What exactly do we mean by individually identifiable health information? Any data you obtain from a patient while you are administering health care service that can be used to identify the patient (EG: the patient's name, Social Security Number, health plan beneficiary numbers, and a whole lot more) can be considered as individually identifiable health information.
If you belong to a covered entity and are caught committing unauthorized disclosures of PHI as a result of poor email security, you can be held liable. The fines start at $100 per violation but can climb up to $250,000, depending on the circumstances.
Do the rules of HIPAA apply to me? At first, HIPAA only covered organizations and companies that were directly related with healthcare services. More specifically, the original set of entities covered by HIPAA only included:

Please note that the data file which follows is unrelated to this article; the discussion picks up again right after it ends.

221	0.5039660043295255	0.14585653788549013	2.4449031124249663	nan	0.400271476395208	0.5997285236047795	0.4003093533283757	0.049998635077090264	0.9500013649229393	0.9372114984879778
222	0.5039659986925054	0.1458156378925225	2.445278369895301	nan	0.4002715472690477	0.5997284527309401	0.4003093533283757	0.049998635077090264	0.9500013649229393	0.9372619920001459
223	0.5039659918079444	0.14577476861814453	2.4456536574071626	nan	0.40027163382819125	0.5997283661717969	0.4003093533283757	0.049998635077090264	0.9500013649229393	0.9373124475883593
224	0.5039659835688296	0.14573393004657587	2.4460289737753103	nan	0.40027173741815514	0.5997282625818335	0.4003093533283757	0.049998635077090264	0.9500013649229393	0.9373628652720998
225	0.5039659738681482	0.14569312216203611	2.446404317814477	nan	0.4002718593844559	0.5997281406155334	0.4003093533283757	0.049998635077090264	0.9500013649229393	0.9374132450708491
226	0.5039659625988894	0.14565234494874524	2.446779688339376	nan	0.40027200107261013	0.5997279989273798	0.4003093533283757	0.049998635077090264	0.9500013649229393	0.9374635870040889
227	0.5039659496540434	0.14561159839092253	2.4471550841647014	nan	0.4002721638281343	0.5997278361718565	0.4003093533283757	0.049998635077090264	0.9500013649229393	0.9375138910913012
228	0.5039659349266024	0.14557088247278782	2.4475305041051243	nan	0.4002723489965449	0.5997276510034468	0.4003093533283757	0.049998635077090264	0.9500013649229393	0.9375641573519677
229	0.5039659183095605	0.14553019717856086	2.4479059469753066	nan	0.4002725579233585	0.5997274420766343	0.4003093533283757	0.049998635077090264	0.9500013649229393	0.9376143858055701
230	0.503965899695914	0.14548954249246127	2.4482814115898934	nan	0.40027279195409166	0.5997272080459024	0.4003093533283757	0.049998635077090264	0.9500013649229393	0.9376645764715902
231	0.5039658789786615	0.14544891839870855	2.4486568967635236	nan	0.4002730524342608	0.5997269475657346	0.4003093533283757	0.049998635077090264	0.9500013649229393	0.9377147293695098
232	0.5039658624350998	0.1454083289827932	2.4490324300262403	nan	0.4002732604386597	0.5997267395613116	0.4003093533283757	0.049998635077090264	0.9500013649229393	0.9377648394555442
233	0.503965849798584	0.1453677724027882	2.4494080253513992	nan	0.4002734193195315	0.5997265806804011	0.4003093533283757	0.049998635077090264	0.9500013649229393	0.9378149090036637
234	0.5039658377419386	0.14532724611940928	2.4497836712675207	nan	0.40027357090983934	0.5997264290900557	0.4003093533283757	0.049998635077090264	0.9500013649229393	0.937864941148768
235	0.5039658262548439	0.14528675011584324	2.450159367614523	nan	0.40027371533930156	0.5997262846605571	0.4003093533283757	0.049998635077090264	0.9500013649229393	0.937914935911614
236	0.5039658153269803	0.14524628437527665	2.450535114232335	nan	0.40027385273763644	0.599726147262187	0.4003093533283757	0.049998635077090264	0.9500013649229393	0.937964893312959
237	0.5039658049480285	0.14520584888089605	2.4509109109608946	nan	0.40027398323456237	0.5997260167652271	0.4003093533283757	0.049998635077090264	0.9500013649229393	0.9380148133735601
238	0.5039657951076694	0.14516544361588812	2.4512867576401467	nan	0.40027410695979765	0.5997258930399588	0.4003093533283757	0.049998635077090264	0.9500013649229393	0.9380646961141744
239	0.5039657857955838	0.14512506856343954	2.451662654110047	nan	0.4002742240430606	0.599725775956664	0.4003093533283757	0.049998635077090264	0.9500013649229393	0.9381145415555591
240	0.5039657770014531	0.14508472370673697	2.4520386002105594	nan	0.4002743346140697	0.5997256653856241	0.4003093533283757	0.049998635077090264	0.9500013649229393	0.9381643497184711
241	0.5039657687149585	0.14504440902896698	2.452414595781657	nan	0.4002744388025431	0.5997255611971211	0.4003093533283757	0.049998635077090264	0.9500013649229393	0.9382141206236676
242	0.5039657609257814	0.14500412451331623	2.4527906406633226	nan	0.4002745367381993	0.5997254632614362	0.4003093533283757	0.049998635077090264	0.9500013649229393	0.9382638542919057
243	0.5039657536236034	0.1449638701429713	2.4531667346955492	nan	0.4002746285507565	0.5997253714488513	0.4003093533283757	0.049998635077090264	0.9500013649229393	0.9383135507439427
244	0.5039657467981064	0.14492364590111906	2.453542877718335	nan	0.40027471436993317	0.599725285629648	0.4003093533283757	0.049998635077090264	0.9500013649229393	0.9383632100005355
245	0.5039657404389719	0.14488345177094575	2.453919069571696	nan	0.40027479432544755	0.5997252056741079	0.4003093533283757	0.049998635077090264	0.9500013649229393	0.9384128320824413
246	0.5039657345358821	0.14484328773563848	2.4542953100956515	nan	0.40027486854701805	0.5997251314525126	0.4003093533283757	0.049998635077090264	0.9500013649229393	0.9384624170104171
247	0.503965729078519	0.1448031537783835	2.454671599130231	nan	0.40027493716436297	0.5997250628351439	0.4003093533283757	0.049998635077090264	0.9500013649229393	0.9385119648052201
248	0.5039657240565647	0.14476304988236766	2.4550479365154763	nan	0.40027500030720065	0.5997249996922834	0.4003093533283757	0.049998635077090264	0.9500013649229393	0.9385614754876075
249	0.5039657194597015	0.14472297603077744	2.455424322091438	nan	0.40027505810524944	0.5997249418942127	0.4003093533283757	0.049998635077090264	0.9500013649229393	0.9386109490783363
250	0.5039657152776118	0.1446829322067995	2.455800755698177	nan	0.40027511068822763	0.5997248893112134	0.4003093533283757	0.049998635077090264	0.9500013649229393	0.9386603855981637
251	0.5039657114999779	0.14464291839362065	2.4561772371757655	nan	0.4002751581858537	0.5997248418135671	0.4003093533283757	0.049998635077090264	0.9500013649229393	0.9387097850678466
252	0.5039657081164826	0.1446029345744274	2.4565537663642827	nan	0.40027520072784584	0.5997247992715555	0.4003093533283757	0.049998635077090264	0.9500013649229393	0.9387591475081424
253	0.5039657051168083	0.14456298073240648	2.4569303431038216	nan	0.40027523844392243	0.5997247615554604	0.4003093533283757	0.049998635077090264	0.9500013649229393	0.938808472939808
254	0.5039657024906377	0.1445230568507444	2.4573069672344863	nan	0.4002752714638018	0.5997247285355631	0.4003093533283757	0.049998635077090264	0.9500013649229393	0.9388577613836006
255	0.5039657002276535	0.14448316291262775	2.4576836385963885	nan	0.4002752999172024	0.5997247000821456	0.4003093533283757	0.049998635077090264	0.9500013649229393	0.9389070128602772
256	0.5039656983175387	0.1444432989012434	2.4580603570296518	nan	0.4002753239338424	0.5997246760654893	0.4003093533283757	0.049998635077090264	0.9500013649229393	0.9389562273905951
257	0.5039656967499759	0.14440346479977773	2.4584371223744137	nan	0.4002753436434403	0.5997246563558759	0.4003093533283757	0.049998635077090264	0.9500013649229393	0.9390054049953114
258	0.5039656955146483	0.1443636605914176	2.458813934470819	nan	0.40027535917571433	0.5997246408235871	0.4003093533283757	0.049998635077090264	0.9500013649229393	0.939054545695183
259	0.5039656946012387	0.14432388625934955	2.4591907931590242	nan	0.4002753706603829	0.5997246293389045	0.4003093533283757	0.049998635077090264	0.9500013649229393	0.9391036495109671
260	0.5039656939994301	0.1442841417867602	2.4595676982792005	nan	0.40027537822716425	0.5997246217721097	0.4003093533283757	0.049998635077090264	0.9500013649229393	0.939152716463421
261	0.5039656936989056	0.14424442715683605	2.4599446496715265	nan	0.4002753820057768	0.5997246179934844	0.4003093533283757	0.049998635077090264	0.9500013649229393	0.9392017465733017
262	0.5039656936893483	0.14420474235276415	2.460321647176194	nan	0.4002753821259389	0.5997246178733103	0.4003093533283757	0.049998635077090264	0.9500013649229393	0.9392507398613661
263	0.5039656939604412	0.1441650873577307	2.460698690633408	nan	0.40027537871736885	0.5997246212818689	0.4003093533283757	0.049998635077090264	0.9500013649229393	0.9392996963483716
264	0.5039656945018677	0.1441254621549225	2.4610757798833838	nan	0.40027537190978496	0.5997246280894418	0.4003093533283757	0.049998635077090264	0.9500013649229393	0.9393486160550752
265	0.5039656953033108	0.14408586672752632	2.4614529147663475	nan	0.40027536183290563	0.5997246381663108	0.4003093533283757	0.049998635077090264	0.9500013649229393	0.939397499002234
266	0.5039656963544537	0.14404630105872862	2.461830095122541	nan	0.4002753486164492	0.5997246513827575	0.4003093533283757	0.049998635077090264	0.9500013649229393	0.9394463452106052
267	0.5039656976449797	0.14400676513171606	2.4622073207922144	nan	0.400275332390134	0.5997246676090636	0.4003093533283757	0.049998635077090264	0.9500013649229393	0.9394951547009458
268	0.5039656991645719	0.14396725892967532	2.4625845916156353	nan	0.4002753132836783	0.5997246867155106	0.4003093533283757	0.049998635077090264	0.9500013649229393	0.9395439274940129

- health plans – individual and group plans that provide or pay the cost of medical care. This includes health, dental, vision, and prescription drug insurers, health maintenance organizations, Medicare, and Medicaid, among others.
- healthcare clearinghouses – entities who process nonstandard information received from another entity into standard form and vice versa.
- health care providers – doctors, psychologists, nursing homes, and other providers who transmit certain information in electronic form.
That was when HIPAA was first introduced. Today, this list of covered entities has gotten longer.